Or they are afraid to speak up. The extremists in the “rescue” world will hammer them.
August 24, 2013 at 7:33 pm
I spoke about the importance of adoption in the program that I did at the convention this year. Adoption is common practice for us so I never really gave much thought to having a presentation dedicated to it. What kind of adoption presentation are you thinking about? It might be a great talk. Georgia Hayes is a regional director of AFA and the AFA Convention Speaker chair. She is also the long standing president of National Parrot Rescue and Preservation Foundation. They are one of AFA’s nationally affiliated organizations an have been for many years. http://www.afabirds.org/specialty.shtml
Come up with an idea for a presentation. Maybe something about how to form an adoption business? That takes great skill and organization. There are other parts of adoption that might spark interest too. Throw out some ideas. Adoption is a common practice and definitely part of bird ownership. I like the idea. I am interested in hearing more thoughts on it.
August 24, 2013 at 7:35 pm
Extremists are an extreme pain in the butt and are everywhere and involved in every topic… ugh…
Thank God there are rational and practical folks too.
August 24, 2013 at 5:44 pm
I’m curious…does Florida Parrot Rescue provide a “Standard of Care” on their website? Because I’m not aware of it. And if they do, I wasn’t aware of it. I think it’s a wonderful idea to include that!
August 26, 2013 at 5:58 am
Adoption Business Concetta? I do not know of any Adoption businesses. I do know many reputable 501s that help birds. Who save lives every day and take in birds that sometimes cost thousands of dollars to save.
I however do not know of a business since the term suggests making money and I do not really know of an Adoption Organization with money to burn.
Someone could however speak about how to make a successful 501 work with compassionate practices.
I have no desire to be a part of the AFA until they start supporting standards of care and pushing for humane practices in Aviculture though.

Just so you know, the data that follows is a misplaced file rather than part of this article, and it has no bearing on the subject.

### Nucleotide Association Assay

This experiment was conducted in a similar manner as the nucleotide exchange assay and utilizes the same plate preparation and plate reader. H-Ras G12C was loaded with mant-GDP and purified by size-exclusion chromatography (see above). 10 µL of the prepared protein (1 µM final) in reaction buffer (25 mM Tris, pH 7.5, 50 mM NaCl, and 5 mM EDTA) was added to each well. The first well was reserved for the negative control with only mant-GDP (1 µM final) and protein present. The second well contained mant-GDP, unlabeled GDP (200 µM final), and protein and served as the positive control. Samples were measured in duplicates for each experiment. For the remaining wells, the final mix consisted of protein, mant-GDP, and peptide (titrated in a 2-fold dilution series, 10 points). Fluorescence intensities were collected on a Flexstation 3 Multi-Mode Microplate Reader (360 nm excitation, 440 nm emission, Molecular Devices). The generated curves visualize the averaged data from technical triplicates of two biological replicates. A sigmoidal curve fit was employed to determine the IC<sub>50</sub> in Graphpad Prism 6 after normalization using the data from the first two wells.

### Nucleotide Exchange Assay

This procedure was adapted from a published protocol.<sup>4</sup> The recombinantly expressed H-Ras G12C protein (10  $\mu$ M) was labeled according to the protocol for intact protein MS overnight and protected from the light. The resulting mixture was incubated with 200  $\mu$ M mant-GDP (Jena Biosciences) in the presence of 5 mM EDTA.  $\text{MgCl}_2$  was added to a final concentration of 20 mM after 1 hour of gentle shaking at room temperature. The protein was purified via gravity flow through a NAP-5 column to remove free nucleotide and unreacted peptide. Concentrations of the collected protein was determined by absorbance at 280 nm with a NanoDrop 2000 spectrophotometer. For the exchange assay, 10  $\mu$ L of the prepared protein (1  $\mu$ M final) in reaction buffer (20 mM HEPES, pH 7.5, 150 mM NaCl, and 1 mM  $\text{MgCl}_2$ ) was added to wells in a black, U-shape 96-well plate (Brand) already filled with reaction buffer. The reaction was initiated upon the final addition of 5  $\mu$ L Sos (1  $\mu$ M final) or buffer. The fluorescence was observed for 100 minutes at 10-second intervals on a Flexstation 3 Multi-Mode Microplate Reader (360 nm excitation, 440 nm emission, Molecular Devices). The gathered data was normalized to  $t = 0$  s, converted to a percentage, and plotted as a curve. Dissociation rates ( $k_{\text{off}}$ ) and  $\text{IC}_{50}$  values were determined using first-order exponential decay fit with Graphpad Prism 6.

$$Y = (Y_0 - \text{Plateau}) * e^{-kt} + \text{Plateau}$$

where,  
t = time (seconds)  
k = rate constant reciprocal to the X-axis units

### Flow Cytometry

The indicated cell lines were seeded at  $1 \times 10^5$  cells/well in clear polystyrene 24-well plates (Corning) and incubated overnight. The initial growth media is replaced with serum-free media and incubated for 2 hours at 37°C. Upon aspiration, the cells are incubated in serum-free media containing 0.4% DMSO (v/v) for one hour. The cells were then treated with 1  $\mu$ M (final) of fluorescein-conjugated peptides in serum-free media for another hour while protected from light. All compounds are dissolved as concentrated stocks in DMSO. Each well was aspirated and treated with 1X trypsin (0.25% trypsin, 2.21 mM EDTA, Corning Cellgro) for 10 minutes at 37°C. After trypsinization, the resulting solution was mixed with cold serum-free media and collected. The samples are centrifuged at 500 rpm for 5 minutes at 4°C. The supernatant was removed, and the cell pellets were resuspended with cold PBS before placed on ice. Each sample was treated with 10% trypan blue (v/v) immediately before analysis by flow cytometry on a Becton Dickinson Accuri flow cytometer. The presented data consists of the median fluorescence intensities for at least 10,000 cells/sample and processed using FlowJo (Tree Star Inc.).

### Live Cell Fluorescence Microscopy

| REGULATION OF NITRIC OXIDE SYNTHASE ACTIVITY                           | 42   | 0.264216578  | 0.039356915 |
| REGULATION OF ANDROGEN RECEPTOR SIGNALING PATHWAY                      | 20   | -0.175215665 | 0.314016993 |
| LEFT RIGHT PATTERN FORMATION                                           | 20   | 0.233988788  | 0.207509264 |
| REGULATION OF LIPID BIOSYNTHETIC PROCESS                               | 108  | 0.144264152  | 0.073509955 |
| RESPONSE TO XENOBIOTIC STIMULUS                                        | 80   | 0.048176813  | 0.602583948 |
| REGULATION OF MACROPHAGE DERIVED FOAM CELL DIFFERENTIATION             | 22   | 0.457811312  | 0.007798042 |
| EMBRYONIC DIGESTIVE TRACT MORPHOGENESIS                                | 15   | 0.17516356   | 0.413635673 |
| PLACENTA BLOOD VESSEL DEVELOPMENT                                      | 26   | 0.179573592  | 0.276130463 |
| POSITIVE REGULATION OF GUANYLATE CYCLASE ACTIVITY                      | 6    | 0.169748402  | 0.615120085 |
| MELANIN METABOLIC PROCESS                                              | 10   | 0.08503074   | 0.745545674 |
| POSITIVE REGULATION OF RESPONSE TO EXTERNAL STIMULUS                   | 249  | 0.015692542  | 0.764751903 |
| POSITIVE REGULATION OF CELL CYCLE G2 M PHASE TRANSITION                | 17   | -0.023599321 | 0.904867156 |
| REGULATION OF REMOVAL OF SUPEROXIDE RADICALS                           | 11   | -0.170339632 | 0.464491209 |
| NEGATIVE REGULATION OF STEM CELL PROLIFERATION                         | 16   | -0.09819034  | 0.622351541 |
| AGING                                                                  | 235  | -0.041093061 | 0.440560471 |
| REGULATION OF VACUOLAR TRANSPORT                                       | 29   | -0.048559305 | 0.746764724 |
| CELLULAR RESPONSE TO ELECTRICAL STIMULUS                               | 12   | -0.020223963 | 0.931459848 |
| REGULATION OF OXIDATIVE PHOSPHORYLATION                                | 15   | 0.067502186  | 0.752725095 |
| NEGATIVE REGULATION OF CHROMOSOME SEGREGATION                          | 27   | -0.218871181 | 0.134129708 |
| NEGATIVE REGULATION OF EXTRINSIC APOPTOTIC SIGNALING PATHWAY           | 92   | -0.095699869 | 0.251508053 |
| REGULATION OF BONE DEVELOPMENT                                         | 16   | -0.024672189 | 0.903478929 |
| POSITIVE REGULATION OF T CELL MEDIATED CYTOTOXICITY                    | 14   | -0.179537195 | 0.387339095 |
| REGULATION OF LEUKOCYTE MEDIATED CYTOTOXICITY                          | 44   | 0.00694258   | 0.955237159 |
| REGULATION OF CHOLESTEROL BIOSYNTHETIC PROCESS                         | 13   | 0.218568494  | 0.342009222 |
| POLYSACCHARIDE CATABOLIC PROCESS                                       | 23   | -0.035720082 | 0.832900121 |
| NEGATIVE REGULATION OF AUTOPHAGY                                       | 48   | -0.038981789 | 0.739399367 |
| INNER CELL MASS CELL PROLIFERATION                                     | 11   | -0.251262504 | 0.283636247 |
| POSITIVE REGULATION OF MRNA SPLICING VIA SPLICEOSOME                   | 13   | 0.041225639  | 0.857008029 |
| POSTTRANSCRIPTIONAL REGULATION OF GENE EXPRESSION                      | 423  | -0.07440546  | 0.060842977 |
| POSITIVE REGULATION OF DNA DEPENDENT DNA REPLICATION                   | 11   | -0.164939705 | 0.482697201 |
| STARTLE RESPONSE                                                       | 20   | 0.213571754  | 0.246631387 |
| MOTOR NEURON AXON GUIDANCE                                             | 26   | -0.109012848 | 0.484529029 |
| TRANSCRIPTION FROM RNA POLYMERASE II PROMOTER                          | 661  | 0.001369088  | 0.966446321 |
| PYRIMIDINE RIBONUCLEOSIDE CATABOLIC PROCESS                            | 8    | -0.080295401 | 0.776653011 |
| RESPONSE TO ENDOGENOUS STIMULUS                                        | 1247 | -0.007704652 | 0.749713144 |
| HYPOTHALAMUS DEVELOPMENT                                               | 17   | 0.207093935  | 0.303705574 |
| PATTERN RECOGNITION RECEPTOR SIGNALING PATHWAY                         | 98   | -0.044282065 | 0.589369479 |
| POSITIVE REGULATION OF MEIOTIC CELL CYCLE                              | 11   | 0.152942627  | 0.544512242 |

Patricia, no they don’t. We do however discuss the standards of care with the people adopting..Proper cage size, toys, proper food, foraging, stimulation, out time, proper perches in a variety of shapes and sizes etc.
There have been standards to keeping dogs and cats for years and that is how puppy mills get closed down but none with parrots and the AFA would like to keep it that way..At the very least they do not fight for a standards of care.
As far as FL Parrot Rescue..I am a volunteer with Florida Parrot Rescue but I do not speak for them here. I am speaking for myself and my feelings
August 26, 2013 at 9:17 am
Hi Lorry, please excuse my poor choice of wording. I said “business” because that is a suggested way to run a non-profit organization (but knowing full well that there would be minimal to no profit) in order to keep from having to shut down. It is a survival tactic of how to stay organized and keep things functioning.
By the way… You have inspired a great presentation!!!!
I will ask Jean Jordan who has an impressive 501 (c) (3) organization if she could do a presentation. Jean would be ideal because she is involved with all facets of aviculture and has been up against all kinds of odds.
Lyrae Perry gave a presentation a few years ago that covered how to keep records and stay organized while maintaining proper husbandry and over all care for the birds. I find that there is quite a bit extra involved when it comes to adoption but that might be my own personal standards.
As for legislation, the AFA Legislative VP is a lawyer and the AFA second VP is a Lobbyist and while some of us hate politics we have no choice to but to stay alert about legislation. Like everything in life some legislation is fantastic and some not (ex: Obamacare…ugh). AFA is most definitely not against all legislation – that would not make sense. If that is what you were told – no wonder why you have no interest in AFA; that would be crazy.